Learn how to transform big data into powerful and actionable educational insights to improve student outcomes on your campus in this Special Report.
In six months, Michigan school districts will need to adopt and submit a policy against bullying to the state Education Department.
On Tuesday, Gov. Rick Snyder signed HB 4163 into law, making Michigan the 48th state to pass an anti-bullying law. On the same day, the U.S. Education Department released an Analysis of State Bullying Laws and Policies.
When the report data was compiled in April, 46 states had bullying laws on the books, with Georgia passing the first law in 1999. Since then, Hawaii and Michigan added their names to the list of states with bullying laws.
Michigan spent years trying to pass anti-bullying legislation. Up until this year, the state had no law, but the Michigan State Board of Education did adopt a Model Anti-Bullying Policy on Nov. 9, 2010.
In January, Senate Bill 104 appeared on the legislative agenda in South Dakota. But the Senate Education Committee voted 3-4 to oppose the bill. In Montana, Senate Bill 141 passed the Senate 34-15. On April 28, the House killed it in a standing committee with a 34-63 vote.
The U.S. Education Department analysis cites two political challenges that have hampered legislation in these states. They include disagreement over whether to list out protected groups of people, specifically those of different sexual orientations, and whether the state legislatures should control education policy.
Michigan had its fair share of disagreements over the last number of years on both of these issues. But after the governor called for both sides of the Legislature to work together this year, they ultimately passed a bill that covered all kids and didn't specify protected classes of students.
The law requires districts to include a provision in their policies "indicating that all pupils are protected under the policy and that bullying is equally prohibited without regard to its subject matter or motivating animus."
The law defines bullying as a written, verbal or physical act or electronic communication that's likely to harm students in four ways:
If districts already have a policy in place that meets the criteria of this law, they do not need to change their policy. They just need to submit it to the state Education Department.
In the new "Matt's Safe School Law," named for a student who committed suicide on the last day of eighth grade after being bullied, school district policies will need to have procedures in place that address bullying. These procedures include the following:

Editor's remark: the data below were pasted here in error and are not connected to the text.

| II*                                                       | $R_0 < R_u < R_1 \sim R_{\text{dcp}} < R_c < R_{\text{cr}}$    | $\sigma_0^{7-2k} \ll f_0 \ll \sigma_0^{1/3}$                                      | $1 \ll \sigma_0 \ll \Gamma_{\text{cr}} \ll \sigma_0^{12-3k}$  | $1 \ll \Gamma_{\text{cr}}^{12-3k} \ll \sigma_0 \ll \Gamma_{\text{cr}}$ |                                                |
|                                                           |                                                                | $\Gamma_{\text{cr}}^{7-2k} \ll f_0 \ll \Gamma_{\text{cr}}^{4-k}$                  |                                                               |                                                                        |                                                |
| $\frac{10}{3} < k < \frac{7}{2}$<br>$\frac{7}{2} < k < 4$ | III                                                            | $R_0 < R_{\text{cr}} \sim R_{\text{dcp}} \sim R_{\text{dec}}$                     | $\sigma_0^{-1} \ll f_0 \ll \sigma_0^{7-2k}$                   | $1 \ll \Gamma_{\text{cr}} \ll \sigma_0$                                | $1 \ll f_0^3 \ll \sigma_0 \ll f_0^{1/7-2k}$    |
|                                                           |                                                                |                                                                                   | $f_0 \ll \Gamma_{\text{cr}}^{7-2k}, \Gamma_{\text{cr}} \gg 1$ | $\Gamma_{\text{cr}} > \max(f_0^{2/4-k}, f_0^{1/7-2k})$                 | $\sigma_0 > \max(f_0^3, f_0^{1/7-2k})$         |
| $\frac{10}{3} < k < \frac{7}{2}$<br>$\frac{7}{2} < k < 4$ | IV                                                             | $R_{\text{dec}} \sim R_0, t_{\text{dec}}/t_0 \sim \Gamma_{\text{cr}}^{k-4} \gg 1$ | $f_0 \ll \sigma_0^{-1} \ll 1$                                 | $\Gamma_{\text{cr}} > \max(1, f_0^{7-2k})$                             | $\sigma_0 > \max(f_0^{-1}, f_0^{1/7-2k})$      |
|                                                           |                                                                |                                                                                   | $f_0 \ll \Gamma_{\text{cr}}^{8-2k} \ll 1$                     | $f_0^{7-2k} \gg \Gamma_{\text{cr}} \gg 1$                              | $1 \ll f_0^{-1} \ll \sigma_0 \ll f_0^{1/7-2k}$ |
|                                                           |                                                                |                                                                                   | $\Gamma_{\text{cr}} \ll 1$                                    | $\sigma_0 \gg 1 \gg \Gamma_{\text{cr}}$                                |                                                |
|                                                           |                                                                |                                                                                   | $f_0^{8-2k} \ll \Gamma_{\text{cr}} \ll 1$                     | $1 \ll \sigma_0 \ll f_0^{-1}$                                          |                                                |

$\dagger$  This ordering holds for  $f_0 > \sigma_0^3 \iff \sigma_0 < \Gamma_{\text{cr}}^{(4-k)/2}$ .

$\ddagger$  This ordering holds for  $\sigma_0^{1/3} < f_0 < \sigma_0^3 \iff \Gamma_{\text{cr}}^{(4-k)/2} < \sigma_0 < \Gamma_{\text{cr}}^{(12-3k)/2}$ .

From a school board perspective, Michigan's legislation will have a fairly limited impact, said Don Wotruba, deputy director with the Michigan Association of School Boards. In a survey of members three years ago, about 85 percent of the school boards already had bullying and/or harassment policies on the books.
The school boards that don't have a policy that meets the requirements of the law will need to have a public meeting and adopt a policy. Typically, Michigan school boards discuss the policy in one meeting and vote on it in a second meeting.
When districts that already have a policy in place and call the association, the association advises them to at least bring up what their policy states and ask if they want to make any changes in a public meeting. It also encourages them to look at the State Board of Education sample policy to start discussions. The sample policy does specify protected classes of students.
As school boards start to consider their policies in light of the new law, they're generally reacting positively because they think it's about time there's a spotlight on the issue, he said. But the hard part isn't creating or modifying their policies.
The hard part is getting the community and the building staff to embrace the concept behind the policy. That involves training staff, encouraging them to be involved and gaining the community's support and enforcement.
For example, if a football coach says "boys are just being boys" after hearing of a hazing incident that involved bullying, the policy didn't do any good because the coach didn't report the bullying to the board.
"We need the staff people to step outside of their comfort zone and interrupt situations that somebody or the common person would consider a bullying situation," Wotruba said. "We need to have the proper process for reporting that and the proper consequences for actions that students take in regards to bullying."
You may use or reference this story with attribution and a link to